makes them happy, since it doesn't say there wasn't "A + B". But it doesn't say there was "A + B
+ little green martians." This is often the same crowd that insists theirs is the only possible interpretation (i.e. only "A") and the only way. I find it entertaining they don't mind adding to
verses.

Response:

Let us begin with an illustration. I have hosted a party, and speaking of the party to a coworker,
I mention, "Tom and Betty were there." My wife, speaking to her friends at the grocery
store says, "Julie and Fred were at the party." Who was at the party? Well, we know that at least
four people were there: Tom, Betty, Julie and Fred. Does the fact that I didn't mention Julie and
Fred mean they were not there? No, I simply did not mention that they were. Because my wife
and I only mentioned four people who were at the party, does that mean no one else was there?
No, simply that we didn't mention who else may have been there. If one gospel writer mentions a
certain person or persons who were at a specific event, and another writer mentions other persons
who were at that event, not mentioned by the first writer, it is the very same situation as
illustrated above. Is there a contradiction? No, just different information provided by different
writers.

The Atheist's Complaint:

"It has to be understood in context." I find this amusing because it comes from the same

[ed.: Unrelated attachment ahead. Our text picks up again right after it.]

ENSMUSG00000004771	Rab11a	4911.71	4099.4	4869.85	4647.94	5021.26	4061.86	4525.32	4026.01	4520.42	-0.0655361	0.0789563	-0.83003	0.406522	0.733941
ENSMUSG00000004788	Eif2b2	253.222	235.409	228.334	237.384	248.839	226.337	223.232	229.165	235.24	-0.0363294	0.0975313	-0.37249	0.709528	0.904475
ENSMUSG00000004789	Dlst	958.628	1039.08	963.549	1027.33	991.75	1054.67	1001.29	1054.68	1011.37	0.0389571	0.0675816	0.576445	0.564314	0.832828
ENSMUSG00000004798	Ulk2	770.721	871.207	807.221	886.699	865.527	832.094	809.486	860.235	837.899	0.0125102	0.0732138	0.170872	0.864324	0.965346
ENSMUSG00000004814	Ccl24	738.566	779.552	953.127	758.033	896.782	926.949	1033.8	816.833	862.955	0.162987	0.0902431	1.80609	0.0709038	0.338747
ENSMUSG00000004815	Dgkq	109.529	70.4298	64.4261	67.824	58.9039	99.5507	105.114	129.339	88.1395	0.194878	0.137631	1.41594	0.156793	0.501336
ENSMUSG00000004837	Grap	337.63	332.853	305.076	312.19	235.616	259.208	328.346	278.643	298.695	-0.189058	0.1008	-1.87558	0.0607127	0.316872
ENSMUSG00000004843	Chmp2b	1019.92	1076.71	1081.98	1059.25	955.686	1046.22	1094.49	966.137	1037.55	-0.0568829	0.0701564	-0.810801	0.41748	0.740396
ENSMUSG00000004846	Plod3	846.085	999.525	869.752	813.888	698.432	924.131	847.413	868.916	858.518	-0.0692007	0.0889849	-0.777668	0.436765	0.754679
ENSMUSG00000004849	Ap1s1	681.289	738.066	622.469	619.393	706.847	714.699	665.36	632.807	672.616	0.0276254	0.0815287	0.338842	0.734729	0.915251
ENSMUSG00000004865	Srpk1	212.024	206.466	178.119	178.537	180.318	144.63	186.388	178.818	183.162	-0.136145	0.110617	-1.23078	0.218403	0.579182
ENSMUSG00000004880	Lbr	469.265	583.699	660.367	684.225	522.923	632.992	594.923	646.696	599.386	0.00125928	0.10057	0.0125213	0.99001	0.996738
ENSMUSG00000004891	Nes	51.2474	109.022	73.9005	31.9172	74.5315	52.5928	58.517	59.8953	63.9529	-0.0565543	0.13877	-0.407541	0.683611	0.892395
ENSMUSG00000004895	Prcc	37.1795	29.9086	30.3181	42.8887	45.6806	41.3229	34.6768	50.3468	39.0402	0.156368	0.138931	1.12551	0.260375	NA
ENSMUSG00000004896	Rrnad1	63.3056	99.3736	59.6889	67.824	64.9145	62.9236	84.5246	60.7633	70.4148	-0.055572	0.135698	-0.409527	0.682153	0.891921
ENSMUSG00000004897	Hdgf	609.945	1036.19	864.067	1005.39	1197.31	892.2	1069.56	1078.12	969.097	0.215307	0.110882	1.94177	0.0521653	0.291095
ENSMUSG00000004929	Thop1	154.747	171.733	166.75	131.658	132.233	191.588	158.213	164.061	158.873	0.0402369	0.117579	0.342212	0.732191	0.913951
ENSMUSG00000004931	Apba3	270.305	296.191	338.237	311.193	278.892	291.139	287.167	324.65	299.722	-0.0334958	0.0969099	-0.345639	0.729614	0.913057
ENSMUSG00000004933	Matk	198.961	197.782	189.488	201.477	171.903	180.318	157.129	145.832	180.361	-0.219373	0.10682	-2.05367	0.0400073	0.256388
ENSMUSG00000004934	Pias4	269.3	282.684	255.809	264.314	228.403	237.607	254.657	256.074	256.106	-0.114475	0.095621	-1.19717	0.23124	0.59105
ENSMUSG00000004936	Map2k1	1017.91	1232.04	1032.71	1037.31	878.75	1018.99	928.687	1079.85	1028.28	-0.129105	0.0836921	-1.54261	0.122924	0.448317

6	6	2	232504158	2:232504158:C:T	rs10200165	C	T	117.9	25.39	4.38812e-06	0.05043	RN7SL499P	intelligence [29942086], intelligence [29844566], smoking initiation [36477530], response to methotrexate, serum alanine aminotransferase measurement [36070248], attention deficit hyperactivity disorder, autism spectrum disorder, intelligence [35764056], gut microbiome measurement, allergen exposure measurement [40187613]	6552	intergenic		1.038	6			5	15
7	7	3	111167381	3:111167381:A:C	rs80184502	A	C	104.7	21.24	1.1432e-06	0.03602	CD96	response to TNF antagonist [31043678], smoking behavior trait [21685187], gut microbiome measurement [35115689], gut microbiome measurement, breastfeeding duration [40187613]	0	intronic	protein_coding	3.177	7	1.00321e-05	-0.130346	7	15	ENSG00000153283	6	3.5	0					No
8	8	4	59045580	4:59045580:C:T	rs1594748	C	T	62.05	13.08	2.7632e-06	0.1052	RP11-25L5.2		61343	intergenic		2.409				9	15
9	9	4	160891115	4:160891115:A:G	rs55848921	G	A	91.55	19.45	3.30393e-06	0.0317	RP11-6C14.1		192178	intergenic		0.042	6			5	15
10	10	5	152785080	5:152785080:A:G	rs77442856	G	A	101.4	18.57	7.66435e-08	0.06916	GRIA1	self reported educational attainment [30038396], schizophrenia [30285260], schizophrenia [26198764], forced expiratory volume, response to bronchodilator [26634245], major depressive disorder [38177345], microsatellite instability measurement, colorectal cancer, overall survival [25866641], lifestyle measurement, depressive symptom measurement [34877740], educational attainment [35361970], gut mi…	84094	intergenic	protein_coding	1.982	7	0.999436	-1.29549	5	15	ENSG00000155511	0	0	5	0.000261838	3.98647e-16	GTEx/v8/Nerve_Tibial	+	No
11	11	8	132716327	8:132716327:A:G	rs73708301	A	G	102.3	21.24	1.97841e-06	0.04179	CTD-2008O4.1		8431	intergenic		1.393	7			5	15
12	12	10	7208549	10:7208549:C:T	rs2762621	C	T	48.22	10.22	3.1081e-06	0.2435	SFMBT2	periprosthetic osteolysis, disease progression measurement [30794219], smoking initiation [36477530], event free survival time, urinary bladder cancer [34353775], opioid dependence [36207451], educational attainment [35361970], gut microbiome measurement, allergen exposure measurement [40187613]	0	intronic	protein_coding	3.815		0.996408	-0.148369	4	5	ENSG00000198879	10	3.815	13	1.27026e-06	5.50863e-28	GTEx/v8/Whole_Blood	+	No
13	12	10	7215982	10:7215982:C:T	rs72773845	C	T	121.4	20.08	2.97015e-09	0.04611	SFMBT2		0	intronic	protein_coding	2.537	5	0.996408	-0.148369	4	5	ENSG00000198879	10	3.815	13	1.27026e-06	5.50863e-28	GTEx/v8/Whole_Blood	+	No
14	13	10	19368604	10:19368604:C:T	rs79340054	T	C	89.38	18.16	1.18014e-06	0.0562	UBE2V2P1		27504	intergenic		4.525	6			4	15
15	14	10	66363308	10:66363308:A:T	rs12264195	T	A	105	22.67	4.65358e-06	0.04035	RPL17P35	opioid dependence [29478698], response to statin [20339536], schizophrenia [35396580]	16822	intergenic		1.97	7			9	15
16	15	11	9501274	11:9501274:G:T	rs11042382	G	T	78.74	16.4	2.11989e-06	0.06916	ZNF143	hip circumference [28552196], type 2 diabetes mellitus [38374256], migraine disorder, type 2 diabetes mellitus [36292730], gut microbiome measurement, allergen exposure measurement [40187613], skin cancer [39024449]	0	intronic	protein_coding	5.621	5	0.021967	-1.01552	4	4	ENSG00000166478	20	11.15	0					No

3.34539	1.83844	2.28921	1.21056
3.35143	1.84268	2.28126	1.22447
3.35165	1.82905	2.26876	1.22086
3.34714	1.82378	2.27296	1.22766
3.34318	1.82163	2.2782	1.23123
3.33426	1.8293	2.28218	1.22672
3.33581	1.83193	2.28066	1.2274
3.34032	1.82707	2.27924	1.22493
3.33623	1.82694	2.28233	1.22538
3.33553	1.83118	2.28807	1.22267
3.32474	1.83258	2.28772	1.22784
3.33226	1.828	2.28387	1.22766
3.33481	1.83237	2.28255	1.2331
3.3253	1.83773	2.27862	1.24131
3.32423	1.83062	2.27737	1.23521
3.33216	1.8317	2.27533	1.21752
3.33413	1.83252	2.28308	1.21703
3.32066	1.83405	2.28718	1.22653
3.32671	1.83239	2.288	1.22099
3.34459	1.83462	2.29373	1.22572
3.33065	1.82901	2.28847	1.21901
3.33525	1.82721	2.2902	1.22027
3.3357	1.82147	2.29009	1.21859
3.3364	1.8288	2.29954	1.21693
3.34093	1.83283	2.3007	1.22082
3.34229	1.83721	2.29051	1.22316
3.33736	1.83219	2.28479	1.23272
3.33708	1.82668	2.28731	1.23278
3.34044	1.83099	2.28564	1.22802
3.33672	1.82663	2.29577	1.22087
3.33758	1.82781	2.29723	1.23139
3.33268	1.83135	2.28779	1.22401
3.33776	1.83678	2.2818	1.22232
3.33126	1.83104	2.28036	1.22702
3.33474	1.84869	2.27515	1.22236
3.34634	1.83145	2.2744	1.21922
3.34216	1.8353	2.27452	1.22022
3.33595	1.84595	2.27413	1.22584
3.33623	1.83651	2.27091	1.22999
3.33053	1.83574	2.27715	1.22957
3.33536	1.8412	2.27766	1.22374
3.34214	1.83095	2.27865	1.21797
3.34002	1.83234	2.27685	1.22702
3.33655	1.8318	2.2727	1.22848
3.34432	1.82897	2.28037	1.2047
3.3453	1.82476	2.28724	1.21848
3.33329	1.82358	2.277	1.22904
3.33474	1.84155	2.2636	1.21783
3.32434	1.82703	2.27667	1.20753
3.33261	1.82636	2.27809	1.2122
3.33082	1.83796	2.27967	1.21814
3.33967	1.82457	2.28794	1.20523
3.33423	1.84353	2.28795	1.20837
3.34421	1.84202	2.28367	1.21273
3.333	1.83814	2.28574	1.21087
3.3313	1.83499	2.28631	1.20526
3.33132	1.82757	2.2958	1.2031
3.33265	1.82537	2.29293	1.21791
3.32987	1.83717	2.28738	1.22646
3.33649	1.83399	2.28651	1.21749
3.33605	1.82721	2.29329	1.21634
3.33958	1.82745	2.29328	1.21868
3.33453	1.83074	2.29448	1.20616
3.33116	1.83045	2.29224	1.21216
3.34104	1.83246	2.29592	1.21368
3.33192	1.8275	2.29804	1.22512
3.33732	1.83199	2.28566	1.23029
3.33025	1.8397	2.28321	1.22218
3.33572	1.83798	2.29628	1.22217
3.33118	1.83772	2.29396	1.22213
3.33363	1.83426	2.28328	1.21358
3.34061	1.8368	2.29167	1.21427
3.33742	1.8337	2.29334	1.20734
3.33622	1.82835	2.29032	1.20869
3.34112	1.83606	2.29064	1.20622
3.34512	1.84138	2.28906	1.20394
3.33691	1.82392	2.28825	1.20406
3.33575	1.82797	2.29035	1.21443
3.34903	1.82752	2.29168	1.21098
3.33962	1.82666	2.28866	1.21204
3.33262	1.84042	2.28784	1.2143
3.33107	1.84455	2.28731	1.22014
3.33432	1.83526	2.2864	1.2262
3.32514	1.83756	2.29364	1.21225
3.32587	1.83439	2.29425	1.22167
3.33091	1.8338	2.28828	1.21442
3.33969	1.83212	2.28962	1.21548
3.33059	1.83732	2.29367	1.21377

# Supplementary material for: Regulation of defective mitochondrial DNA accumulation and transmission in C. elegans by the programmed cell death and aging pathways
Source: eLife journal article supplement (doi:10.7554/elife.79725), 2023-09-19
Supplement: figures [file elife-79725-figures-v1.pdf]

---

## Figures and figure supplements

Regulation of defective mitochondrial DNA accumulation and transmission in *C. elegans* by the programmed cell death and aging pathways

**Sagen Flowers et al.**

crowd that likes to push likewise extracted verses that support their particular view. Often it is
just one of the verses in the contradictory set is supposed to be taken as the truth when if you
add more to it, it suddenly becomes "out of context." How many of you have gotten just John
3:16 (taken out of context) thrown up at you?

Response:

Again, consider an illustration. You're at the doctor's office. Your spouse is seeing the
doctor about some pains which she has been experiencing. You are in the waiting room, but need
to go to the washroom. On your way to the washroom, you notice the door to the examination
room where the doctor and your wife are is ajar. On the way back to the waiting room, as you
walk by the door, you overhear the doctor say, "...going to die. Here's a prescription to relieve
the pain..." You rush back to your seat, shocked at what you just heard -- your wife is going to
die! Unfortunately, you didn't hear the whole statement: "No, You're Not Going to Die. Here's a
prescription to relieve the pain. You should be feeling better in a few days." Now tell me, is
context important?

It has been said that one can prove anything from the Scriptures, and it is so, if the